Sunday, June 17, 2007
—By Katy Devlin, e-Newsletter editor, e-glass weekly

For those of you who have never been able to attend GPD, Tampere, Finland, is in fact not the Oz-like glazed city pictured in the conference literature.

While the incredible faux city dreamed up by graphic designers did not greet me upon arrival, Tampere does offer some pretty impressive glass buildings. Here are some examples I’ve found in my wanderings—and I’m sure there are more. (Oh, and for those of you who have wondered about the unicyclist on the graphic—I have yet to see any on the streets—though one was pedaling around the conference hall on opening day.)

-The GPD organizers couldn’t have gotten closer to their designer’s image of a glass Oz as they did with the choice of Tampere Hall for the conference venue. With several glass-walled and roofed atriums, countless skylights, double façades, a channel glass wall and numerous examples of artfully used interior glazing, the concert hall is by far the glass Mecca of Tampere.

- Right down the street is the University of Tampere, where the GPD workshops were held on June 14. Pictured below are two of several remarkable uses of glass—the five story entry and stair well, with glass railings, and the three-story glass bridge that swoops out at least another 30 feet beyond the frame to create an interesting roof skylight.

- To the west—conveniently on my walk to the hotel—are two malls, both with glass roofs. The Tullintori Center features an arched glass roof that extends the length of the mall, and the KoskiKeskus complex features three sloped glazed rooftops over its main entrances.

- While this last image of the Orthodox Church doesn’t include a lot of glass, I thought you all might want a look at one of Tampere’s most famous sites. (Note, also that this was taken at about 8:30, with the sun still high above the horizon).
Saturday, June 16, 2007

—By Matt Slovick, editor-in-chief, Glass Magazine

This is my third day in Finland, and I've yet to see darkness.

After attending GPD sessions and writing in the press room last night, I made a stop at the welcome reception in the large tent outside of Tampere Hall and then headed to my hotel.

Cumulus Koskikatu is a 15-minute walk, and I realized it was nearing 11 at night—make that 11 p.m.—and it was still light. Sunset was 11:10, and the sun rose at 3:42 this morning. The sun will set at 11:12 this evening.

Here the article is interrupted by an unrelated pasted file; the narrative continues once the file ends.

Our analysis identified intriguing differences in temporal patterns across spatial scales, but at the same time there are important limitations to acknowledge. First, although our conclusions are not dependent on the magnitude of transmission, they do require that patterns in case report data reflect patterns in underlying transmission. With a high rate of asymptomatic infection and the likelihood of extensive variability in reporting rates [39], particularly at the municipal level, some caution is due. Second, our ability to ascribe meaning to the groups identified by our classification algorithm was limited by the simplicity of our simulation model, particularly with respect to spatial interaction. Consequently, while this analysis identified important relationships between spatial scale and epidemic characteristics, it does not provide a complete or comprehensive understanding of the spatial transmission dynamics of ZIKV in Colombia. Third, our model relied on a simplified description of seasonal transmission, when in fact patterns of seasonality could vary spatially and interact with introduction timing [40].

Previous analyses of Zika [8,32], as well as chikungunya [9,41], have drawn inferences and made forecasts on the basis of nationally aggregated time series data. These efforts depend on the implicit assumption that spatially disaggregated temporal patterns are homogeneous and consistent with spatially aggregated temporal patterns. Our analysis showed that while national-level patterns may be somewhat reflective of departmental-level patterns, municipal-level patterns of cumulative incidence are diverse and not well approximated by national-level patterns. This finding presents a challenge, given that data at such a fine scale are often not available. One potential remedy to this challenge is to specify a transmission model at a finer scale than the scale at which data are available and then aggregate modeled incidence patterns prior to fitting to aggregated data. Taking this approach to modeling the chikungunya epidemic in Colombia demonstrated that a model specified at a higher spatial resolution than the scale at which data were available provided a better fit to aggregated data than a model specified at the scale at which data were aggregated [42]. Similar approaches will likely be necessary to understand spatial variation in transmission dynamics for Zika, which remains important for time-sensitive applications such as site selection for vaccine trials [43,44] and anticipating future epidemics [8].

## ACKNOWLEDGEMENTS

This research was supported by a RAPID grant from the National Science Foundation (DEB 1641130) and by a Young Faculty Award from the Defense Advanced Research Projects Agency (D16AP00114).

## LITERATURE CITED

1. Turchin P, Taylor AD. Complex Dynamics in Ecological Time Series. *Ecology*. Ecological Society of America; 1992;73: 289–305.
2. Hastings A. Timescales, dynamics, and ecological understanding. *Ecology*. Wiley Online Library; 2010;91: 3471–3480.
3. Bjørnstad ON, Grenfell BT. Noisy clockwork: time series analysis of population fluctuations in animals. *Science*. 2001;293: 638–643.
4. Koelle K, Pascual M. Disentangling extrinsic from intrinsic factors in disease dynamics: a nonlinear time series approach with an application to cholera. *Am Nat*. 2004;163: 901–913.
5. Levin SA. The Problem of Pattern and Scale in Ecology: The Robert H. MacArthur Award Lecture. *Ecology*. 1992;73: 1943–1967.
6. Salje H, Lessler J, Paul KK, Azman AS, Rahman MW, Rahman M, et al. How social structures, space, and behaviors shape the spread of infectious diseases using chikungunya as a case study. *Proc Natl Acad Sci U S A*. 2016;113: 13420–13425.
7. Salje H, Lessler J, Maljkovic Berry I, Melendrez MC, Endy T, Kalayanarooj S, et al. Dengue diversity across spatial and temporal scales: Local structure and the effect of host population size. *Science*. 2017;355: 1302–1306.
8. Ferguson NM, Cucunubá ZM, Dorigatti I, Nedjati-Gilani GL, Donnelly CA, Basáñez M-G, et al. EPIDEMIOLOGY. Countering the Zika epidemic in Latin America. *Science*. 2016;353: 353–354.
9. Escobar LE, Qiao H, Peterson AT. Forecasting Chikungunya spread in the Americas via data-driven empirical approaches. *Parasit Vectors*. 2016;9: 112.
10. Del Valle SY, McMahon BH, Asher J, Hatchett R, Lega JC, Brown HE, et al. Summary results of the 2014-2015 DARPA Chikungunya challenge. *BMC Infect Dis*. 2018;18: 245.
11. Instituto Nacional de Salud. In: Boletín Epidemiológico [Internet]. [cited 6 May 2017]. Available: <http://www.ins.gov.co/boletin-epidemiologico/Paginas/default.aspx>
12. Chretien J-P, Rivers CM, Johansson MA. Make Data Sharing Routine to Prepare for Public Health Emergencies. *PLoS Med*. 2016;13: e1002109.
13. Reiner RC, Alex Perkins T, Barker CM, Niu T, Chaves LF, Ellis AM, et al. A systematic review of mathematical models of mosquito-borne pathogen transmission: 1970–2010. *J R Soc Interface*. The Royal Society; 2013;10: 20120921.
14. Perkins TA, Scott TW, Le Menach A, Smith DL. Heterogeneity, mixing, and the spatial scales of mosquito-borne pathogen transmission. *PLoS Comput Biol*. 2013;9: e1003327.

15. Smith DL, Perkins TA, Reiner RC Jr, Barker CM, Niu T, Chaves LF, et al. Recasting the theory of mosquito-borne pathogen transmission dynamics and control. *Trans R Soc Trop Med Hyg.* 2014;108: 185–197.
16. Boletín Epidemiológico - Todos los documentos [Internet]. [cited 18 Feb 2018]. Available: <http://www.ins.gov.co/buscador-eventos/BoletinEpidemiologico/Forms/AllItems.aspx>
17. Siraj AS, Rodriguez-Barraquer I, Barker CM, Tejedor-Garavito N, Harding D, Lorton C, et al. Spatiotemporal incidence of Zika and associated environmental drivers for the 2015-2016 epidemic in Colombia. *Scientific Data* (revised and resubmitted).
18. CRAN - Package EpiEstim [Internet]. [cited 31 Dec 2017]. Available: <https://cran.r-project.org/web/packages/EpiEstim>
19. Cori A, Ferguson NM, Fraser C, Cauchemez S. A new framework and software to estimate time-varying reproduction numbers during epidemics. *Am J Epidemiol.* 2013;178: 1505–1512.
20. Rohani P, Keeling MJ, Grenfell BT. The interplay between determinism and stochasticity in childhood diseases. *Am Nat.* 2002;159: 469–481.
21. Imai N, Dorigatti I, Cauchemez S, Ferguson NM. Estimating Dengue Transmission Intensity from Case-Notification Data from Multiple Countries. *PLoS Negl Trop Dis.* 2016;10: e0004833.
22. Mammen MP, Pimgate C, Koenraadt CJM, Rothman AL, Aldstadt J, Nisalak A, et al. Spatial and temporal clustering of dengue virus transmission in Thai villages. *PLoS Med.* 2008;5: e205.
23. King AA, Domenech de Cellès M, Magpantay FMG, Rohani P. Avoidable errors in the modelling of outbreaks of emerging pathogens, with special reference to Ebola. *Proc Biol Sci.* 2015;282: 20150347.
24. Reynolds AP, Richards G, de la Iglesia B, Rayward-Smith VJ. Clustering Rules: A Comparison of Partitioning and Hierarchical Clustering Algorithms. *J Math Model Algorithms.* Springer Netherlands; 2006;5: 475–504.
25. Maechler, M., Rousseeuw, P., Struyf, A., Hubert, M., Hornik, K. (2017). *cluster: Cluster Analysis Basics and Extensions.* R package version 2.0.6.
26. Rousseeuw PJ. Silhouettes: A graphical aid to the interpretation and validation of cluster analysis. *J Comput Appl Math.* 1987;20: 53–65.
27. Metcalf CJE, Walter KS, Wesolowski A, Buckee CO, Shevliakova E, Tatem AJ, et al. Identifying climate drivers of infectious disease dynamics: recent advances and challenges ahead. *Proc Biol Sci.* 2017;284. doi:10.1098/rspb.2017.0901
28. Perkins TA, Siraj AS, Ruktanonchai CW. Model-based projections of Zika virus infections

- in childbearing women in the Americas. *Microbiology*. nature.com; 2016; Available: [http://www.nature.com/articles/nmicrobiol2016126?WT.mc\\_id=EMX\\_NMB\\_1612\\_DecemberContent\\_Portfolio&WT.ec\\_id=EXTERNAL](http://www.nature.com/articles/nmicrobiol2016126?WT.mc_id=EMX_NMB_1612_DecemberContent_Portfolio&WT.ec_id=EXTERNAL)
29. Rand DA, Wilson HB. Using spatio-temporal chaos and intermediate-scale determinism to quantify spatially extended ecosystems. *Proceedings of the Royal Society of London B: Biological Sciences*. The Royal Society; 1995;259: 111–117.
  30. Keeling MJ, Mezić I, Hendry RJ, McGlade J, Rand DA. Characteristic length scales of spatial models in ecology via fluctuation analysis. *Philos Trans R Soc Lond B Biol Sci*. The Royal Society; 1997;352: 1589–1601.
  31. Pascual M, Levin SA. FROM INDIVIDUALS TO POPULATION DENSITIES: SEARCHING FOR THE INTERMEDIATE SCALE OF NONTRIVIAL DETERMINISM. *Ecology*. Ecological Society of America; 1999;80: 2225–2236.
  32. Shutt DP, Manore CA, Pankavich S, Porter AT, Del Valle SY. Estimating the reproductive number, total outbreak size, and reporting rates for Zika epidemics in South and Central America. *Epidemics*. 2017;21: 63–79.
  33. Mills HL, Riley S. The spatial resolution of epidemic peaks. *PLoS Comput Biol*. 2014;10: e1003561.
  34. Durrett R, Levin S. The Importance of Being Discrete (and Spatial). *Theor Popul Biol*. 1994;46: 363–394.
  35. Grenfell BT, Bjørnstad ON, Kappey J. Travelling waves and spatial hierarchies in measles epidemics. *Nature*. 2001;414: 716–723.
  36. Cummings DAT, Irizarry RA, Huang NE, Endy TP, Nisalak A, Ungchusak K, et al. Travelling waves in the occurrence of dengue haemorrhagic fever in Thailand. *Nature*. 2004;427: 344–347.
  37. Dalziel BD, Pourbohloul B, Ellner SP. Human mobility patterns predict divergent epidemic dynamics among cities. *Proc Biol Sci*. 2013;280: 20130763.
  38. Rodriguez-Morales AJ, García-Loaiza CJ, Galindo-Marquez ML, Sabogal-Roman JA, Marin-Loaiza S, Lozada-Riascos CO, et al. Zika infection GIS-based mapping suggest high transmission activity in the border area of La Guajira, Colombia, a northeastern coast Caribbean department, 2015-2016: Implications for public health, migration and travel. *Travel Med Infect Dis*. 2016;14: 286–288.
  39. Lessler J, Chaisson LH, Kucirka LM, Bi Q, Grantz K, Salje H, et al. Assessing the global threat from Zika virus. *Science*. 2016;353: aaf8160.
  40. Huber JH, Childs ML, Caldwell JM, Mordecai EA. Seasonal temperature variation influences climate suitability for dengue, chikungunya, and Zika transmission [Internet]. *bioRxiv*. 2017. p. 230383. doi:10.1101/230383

The non-session related events have experienced a few snafus. The welcome reception continued well past 10:30, when the Hall was closed. That means some attendees had to look for restroom alternatives. I had left my laptop in a locker outside the press room. I held up my key, and someone did allow me to pick up my belongings. And today, the luncheon ran out of food. However, the organizers quickly informed those of us who missed the meal that we could eat in a restaurant on the second floor of the Hall free of charge. Minor glitches in an otherwise smooth-operating event.

Even with the few issues, I've gotten a lot out of the conferences so far, including a complimentary messenger bag. The GPD bags are a glossy, shiny red and look like the bags used by pizza deliverers. They are kept closed by Velcro, and you keep hearing that distinctive sound as people open them up during the presentations. Today, when attendees were leaving the Hall to go to the tent, it looked like hundreds of pizza delivery people leaving at the same time.
Friday, June 15, 2007
—By Katy Devlin, e-Newsletter editor, e-glass weekly

I sat in a café this morning sipping my Tropicana orange juice and thinking about globalization. What else in the world would I be thinking about on a sunny morning in Tampere, Finland?

Out the window, I saw a McDonalds, next to the New York Café, across from the Coyote Bar & Grill and down the street from Gamblers’ Bar that hosts Texas Hold ‘Em games each week. I glanced up at the TV, only to find a news story, in Finnish, about the well deserved tragic fate of Paris Hilton. (I’ll save my blog about the tragic state of the news media for another time).

It’s not just the influence of America that I’m noticing here in Finland. Last night, Glass Magazine Editor Matt Slovick and I dined at Sevilla, a lovely Spanish restaurant. And the Tampere Boys Choir performed several Beatles numbers during the GPD opening session today, including one in Finnish.

This topic was ever present today during GPD, including during speeches from executives from global float glass manufacturers Guardian, Asahi Glass Co., and Nippon Sheet Glass. Russ Ebeid, CEO of Guardian, predicted during his presentation that several leading float manufacturers will exit the business in the near future, and that a Chinese float company will emerge from the current region players as a strong international competitor. More on this in our news coverage at and in the next e-glass weekly.

NGA President Phil James was right on when he recommended everyone on our staff read Thomas Freidman’s, The World is Flat. We’re entering a globalized economy—and world—whether we’re ready for it or not. And Paris Hilton is on a television set near you, anywhere in the world—whether you can stomach it or not.

In the meantime, I’m going to sign off so I can find some authentic Finnish food for dinner, but only after I stop by H&M; to do some shopping.